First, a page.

“Is that cedar tree on 620 draped in a glittery metallic substance, or is my gluten-free eggnog too strong?”
If you’re new to the Lake Travis area, you may be puzzled by the magical appearance of roadside Christmas trees. Relax, you’re not hallucinating. It’s an Austin tradition.
Every year after Thanksgiving, trees along the busiest highways in the Lake Travis area start to get more festive as Christmas approaches. By the time December 25th arrives there are literally hundreds of brightly colored, cheery trees lining roadways in and around Austin. It’s a rather spectacular sight to see.
If you’re feeling inspired to decorate a tree yourself, you might have a few questions swirling around in that jolly head of yours.
Is this an organized thing? I bet there’s a virtual sign-up sheet on Shutterfly somewhere.
Is it legal? Getting arrested could be a major buzz kill.
Are there rules? Because there are always rules.
Can I advertise my company? Why spend marketing dollars when you have trees.
If you’d like to add this tree-tastic tradition to your holiday To-Do list, we’ve got the answers you seek.
A quirky tree thing
Nobody is exactly sure how this holiday tradition began, but it’s solidified and accepted as an “Austin thing.”
Many claim that it started years ago when a local family decorated a single tree during the dark of night in memory of a loved one. The concept evolved and grew into what it has become today.
Festive family tradition
For many families and organizations, “adopting” and decorating a tree together is an annual tradition.
Folks spend time picking out the right tree, the right decorations, the right coordinating sweaters. It’s just like any other holiday gathering except you’re standing on the side of the road with vehicles zooming by you at 60mph.
Tips for decorating a tree
Since decorating a roadside tree during the holidays isn’t an organized event, it’s hard to figure out what you can and can’t do.
We’ve put together a list of tips and unspoken rules to make sure you stay off the naughty list.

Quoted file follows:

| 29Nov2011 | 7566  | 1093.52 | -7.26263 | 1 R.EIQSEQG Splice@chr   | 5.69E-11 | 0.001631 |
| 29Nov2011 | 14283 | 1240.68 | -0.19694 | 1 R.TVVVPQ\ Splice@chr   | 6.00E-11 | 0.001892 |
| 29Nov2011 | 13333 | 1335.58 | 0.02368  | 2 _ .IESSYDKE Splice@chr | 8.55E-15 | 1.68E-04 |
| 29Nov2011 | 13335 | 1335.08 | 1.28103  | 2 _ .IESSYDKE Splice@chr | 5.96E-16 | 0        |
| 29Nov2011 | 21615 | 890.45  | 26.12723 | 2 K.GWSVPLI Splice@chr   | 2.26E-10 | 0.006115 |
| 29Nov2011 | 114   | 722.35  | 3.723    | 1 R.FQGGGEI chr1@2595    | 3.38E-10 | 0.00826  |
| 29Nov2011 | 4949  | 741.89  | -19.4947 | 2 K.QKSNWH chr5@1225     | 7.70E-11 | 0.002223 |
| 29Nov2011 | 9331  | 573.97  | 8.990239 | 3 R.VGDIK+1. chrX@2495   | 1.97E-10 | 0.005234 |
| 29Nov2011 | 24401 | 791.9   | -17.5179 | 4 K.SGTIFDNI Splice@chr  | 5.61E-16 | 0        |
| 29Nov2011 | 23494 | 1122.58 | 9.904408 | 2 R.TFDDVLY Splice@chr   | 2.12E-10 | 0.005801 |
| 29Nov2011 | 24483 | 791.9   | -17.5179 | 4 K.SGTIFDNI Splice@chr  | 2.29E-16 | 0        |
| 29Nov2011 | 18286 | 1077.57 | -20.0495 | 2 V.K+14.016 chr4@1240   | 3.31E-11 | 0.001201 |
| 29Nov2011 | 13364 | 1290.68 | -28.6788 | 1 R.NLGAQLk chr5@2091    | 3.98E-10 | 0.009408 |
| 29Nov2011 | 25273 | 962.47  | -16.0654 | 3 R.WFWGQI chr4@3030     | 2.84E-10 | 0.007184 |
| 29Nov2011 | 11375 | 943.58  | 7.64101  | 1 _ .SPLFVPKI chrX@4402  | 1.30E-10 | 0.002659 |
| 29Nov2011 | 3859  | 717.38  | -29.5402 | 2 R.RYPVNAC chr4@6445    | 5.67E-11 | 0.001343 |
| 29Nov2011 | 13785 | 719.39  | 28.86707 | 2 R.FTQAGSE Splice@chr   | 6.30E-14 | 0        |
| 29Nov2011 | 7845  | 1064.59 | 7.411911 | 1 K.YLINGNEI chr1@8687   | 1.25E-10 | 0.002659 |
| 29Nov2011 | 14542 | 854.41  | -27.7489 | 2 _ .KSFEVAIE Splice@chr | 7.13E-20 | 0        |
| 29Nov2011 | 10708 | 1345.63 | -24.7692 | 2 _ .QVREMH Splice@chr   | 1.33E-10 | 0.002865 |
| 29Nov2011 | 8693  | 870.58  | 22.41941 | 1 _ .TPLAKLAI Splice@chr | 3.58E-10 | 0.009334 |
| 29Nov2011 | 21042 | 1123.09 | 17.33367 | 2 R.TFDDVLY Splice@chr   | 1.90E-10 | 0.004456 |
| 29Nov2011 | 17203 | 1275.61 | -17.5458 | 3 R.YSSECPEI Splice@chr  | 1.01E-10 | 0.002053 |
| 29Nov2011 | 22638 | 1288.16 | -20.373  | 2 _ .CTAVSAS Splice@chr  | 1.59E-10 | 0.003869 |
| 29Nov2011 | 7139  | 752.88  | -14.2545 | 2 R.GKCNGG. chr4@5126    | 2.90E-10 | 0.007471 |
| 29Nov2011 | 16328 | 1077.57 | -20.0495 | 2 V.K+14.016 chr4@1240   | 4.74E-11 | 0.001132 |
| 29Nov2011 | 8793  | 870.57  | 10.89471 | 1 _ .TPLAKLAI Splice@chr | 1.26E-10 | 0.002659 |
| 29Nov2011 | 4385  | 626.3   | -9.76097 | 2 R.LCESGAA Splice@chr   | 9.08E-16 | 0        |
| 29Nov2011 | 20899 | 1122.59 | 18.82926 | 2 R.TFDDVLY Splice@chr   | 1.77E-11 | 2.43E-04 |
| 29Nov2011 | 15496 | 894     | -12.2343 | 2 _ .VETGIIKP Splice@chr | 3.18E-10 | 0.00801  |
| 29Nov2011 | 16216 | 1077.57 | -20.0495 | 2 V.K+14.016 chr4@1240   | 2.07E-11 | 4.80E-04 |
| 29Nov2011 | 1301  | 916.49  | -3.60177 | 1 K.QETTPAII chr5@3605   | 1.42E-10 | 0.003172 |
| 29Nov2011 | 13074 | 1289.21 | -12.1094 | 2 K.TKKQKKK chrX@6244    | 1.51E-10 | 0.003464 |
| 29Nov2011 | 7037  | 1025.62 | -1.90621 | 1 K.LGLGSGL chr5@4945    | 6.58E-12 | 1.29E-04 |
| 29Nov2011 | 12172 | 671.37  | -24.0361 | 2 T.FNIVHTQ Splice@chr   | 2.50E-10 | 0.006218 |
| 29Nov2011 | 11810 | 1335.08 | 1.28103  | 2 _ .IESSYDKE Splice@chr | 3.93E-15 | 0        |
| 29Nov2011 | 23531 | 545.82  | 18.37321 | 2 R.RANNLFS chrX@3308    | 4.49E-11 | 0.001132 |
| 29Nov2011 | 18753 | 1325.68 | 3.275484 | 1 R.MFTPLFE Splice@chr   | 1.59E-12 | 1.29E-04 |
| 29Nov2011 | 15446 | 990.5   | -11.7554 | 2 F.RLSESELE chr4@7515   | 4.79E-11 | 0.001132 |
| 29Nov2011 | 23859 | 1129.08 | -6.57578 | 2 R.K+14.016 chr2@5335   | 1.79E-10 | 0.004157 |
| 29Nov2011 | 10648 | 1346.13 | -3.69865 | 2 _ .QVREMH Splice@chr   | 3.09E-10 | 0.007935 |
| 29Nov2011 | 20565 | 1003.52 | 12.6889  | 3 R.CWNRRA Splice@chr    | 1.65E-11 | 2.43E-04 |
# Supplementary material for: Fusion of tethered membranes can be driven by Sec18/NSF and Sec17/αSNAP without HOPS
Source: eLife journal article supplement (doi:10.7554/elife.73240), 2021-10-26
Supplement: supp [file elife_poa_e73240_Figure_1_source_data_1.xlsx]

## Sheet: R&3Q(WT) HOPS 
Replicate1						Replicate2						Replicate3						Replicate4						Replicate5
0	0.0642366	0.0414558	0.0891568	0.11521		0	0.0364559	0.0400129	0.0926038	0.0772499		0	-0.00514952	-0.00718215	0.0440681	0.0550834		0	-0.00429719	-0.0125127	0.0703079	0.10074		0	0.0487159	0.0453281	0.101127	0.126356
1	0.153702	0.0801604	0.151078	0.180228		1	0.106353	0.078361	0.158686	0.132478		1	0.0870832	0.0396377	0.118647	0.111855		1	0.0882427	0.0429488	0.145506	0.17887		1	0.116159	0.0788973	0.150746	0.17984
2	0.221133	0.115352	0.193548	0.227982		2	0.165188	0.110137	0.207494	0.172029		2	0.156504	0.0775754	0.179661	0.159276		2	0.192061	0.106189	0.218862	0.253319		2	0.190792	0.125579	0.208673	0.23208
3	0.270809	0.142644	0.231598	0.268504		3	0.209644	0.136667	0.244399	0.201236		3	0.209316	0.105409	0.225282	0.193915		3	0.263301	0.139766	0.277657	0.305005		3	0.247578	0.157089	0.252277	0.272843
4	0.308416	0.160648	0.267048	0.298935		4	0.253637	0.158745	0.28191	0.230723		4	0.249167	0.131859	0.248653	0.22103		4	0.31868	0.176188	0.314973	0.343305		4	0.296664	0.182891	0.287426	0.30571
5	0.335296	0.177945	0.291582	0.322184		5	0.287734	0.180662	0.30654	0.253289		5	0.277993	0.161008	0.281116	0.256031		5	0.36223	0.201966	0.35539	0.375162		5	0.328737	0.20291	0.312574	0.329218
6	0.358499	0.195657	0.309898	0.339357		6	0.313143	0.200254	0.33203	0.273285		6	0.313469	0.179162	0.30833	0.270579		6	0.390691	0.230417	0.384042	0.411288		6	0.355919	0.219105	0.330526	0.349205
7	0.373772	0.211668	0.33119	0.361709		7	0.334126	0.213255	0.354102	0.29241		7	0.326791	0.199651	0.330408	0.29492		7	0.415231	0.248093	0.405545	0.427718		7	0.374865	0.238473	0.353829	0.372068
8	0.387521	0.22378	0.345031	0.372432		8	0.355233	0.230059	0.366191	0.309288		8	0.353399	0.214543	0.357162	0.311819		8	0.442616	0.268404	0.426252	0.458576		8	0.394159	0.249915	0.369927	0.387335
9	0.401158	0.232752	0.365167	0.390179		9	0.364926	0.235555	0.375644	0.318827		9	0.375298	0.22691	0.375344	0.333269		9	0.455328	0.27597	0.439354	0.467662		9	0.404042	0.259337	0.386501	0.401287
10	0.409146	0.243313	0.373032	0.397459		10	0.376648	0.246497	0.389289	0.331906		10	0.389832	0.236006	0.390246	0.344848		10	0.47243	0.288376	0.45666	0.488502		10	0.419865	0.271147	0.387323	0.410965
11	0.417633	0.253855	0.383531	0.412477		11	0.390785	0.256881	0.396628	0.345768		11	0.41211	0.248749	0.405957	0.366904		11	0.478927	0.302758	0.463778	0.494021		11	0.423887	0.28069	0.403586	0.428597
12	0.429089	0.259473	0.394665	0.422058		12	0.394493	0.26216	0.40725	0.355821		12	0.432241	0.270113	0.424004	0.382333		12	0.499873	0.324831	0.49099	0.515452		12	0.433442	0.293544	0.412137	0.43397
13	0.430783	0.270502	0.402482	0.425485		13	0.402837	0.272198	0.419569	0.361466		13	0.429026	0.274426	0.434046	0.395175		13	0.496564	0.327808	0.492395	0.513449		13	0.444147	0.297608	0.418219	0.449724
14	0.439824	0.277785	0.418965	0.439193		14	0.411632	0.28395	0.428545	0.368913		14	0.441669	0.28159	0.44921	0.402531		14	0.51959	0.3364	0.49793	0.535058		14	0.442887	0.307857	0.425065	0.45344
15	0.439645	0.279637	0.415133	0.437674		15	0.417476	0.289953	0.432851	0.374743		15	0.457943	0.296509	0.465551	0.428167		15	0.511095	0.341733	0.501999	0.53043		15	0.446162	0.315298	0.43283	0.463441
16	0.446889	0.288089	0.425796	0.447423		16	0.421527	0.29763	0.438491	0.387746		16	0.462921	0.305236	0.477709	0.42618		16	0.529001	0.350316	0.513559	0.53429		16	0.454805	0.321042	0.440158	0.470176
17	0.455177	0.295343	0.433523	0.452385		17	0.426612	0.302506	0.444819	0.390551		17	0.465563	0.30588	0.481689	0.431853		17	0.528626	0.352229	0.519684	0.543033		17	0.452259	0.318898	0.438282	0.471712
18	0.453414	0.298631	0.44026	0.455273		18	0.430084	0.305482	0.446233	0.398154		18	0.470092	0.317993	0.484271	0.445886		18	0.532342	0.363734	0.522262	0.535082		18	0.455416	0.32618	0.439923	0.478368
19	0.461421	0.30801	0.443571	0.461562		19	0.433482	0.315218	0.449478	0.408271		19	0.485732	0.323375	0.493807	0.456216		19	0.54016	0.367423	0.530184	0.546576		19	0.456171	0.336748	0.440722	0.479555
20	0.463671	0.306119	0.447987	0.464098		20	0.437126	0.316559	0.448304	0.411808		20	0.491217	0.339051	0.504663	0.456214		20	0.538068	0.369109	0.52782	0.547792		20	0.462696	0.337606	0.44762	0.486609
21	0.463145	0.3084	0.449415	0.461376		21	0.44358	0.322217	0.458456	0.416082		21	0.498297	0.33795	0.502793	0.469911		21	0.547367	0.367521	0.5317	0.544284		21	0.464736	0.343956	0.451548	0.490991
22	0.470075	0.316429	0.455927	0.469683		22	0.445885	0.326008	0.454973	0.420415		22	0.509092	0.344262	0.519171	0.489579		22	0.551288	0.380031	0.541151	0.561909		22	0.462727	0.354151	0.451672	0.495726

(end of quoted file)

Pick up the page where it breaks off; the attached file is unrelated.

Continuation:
- Don’t get distracted by your shiny tinsel. Safety matters when you’re decorating a tree on a busy street, so you must be vigilant at all times.
- Give yourself as much room as possible. Choosing a flat stretch of road with a tree that’s 30-40 feet off the road is optimal.
- Think Las Vegas! Decorating your tree with big, bright, shiny objects work the best — anything that sparkles during the daylight hours.
- Themed roadside trees are perf. If you’re a matchy-matchy kinda gal who happens to love all-things dolphins, this is your time to shine.
- Consider the elements when you’re shopping for your decorations, because things like wind and rain can be problematic. Which leads us to #6 …
- Take plenty of string to fasten decorations in place. You don’t want a few gusts of wind to immediately turn your pretty decorations into fancy trash.
- Please don’t spam us with your tree. There’s a difference between showing support for your organization in a festive creative way and using your tree like it’s an annoying pop-up ad.
- Mind your perennial plant manners. Decorations left up after January 1st become litter, so clean up your tree as soon as the holiday season ends.
- No, we’re really serious about #8! Driving by sad, forgotten decorations in February puts nobody in a festive mood. Keep it classy, LT.
- We were just kidding about the Shutterfly sign-up sheet.
Speaking of live trees
If you have real Christmas trees at your home that you need to dispose of after the holidays, here are recycling options in the Lake Travis area:
Christmas trees that will be recycled can be taken to the Lakeway Public Works facility, 3303 Serene Hills Drive, through January 8, 2018. Public Works is next to the Serene Hills Elementary School.
Waste Connections (formerly Progressive Waste Solutions) will take Christmas trees that are placed at the curb. They must be free of decorations and be cut into 3-foot sections.
Did you adopt a roadside Christmas tree this year? Share your tree’s story and a pic in the comments section on our Facebook page.